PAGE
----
Budget 2015: Osborne has £6bn war chest

Chancellor has more wiggle room when it comes to meeting plans to reduce deficit

Updated: 
Budget 2014

Chancellor George Osborne is expected to be armed with a pre-election war chest of up to £6 billion heading into the Budget as the outlook for UK public finances looks set for an upgrade.

Economists say the tumbling oil price, which has dragged down inflation and beefed up prospects for a consumer spending boost to the economy, will help create a rosier fiscal picture for Mr Osborne.

Brent crude had already been sliding from its summertime peak at the time of his Autumn Statement in December, but has since fallen even further. A barrel is now worth less than half of its value last June.

This fall is expected to be largely responsible for producing a stronger forecast for economic growth and lower borrowing projections from the independent Office for Budget Responsibility (OBR) at the time of the Budget.

It should give the Chancellor more wiggle room when it comes to meeting his plans to reduce the deficit, experts predict.

Mr Osborne must decide whether to use the spare cash to fund pre-election giveaways or scale back austerity plans, or alternatively to salt away the windfall in order to boost his credentials on fiscal discipline.

A report from the EY ITEM Club said the Chancellor was likely to be presented with a £6 billion windfall, but that political considerations would mean most of this being banked until after the election.

Lower oil prices have produced a double boost for the Chancellor.

Firstly, cheaper petrol is seen as likely to boost consumer spending, lifting the wider economy - leading to upgraded growth forecasts in today's Budget - and feeding through to Treasury receipts.

Secondly, oil is also largely responsible for another positive impact on the Government's coffers via its impact on inflation and therefore public sector debt.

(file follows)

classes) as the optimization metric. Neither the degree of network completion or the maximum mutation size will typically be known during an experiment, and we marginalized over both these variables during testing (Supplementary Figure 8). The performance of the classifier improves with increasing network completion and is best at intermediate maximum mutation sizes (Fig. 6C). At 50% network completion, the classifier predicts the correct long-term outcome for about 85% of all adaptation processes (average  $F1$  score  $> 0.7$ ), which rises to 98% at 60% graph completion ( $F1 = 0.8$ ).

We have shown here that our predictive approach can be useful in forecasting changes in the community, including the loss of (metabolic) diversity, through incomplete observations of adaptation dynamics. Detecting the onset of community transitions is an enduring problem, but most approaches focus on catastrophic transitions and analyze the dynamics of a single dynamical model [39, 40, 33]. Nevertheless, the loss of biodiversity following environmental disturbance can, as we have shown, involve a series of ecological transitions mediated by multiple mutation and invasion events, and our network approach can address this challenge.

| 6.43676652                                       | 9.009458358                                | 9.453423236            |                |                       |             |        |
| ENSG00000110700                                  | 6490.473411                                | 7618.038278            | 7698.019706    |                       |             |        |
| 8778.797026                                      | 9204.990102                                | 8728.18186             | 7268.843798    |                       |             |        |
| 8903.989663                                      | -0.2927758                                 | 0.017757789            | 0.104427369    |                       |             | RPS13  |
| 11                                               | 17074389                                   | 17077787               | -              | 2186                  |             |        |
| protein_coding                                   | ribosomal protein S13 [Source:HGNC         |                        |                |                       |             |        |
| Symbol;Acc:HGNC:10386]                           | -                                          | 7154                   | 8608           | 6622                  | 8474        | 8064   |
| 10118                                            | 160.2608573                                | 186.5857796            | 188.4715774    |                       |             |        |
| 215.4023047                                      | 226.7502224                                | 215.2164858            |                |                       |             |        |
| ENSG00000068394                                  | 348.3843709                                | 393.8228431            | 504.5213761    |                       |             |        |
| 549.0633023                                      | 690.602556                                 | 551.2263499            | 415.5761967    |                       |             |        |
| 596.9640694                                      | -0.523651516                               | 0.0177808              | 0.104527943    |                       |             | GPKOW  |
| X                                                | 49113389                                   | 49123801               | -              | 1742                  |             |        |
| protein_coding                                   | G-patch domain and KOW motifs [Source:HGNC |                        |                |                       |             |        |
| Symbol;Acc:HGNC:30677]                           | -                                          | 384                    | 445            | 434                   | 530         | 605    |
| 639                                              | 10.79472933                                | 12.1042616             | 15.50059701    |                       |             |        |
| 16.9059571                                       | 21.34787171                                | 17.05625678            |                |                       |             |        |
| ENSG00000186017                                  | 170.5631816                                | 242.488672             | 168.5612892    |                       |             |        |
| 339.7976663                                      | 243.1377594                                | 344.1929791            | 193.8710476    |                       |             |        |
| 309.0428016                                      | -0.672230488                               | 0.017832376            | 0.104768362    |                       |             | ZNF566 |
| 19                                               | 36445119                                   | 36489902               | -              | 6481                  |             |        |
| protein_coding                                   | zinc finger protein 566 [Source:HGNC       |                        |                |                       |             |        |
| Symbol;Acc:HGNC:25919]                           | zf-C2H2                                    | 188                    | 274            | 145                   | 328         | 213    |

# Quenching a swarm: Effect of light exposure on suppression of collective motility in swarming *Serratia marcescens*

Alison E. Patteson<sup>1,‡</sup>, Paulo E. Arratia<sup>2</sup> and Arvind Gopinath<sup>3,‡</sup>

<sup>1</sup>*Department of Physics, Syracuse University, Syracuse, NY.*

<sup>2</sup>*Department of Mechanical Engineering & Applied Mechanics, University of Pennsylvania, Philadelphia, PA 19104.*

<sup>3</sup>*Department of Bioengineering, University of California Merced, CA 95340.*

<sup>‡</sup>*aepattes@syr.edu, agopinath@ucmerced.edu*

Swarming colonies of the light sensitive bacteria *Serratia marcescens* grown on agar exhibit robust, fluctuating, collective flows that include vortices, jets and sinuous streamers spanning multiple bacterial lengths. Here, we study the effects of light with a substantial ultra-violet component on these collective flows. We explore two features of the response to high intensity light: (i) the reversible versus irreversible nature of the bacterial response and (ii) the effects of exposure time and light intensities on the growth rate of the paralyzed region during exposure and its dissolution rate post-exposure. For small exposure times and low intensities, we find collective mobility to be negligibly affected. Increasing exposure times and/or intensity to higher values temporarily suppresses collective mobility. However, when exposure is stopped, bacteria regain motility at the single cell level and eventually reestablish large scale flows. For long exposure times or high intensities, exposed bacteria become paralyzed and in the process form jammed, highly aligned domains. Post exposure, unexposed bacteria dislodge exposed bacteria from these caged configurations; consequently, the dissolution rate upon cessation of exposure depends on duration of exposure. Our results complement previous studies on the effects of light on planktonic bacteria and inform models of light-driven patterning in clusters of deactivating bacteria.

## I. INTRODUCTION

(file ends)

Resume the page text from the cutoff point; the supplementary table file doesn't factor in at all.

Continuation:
That is because it has helped the Consumer Price Index (CPI) inflation fall to a record low of 0.3% and expectations that it will soon turn negative before remaining at around zero for much of the rest of the year.

Low inflation means lower payments by the Government to service index-linked debt. It also means lower increases on certain benefits.

Lower oil prices will have a downward impact on North Sea oil tax receipts, but this is expected to be more than offset by the positive impact on public sector finances from the wider economy.

Meanwhile, revisions to official figures for earlier this year - coupled with bumper self-assessment tax receipts producing a surplus in January - mean 2014/15 borrowing looks likely to come in lower than expected.

The OBR predicted in December that the underlying deficit would fall from £97.5 billion in 2013/14 to £91.3 billion in the current fiscal year.

According to the EY ITEM Club, the forecast for borrowing in the current fiscal year ending this month is likely to be revised down to £89 billion.

Experts at HSBC expect a figure of £90.6 billion, while they also see the OBR cutting its prediction for 2015/16's deficit from £75.9 billion to £73.4 billion.

Meanwhile, they have pencilled in better growth forecasts, expecting the outlook for gross domestic product (GDP) growth to rise from 2.4% to 2.7% for this year - and from 2.25 to 2.5% for 2016.

There has been speculation about whether Mr Osborne may be tempted to use the expected Budget windfall to ease back on austerity measures, especially after the political controversy in the wake of the Autumn Statement.

At that time, the OBR calculated that the fiscal plans he has pencilled in over the next few years - with a budget surplus of £23.1 billion pencilled in for 2018/19 - would see the rate of spending as a portion of GDP fall to its lowest since the 1930s.

Experts at consultancy Capital Economics said: "Of course, the Chancellor won't want to throw away his hard-won reputation for fiscal responsibility. Nonetheless, he could scale back the planned spending cuts a bit.

"Although this would make barely a dent in their total size, it could counter criticism that he is cutting just on ideological grounds.

"And with the election just seven weeks after the Budget, he surely won't be able to resist the temptation to hand out a few billion in pre-election."

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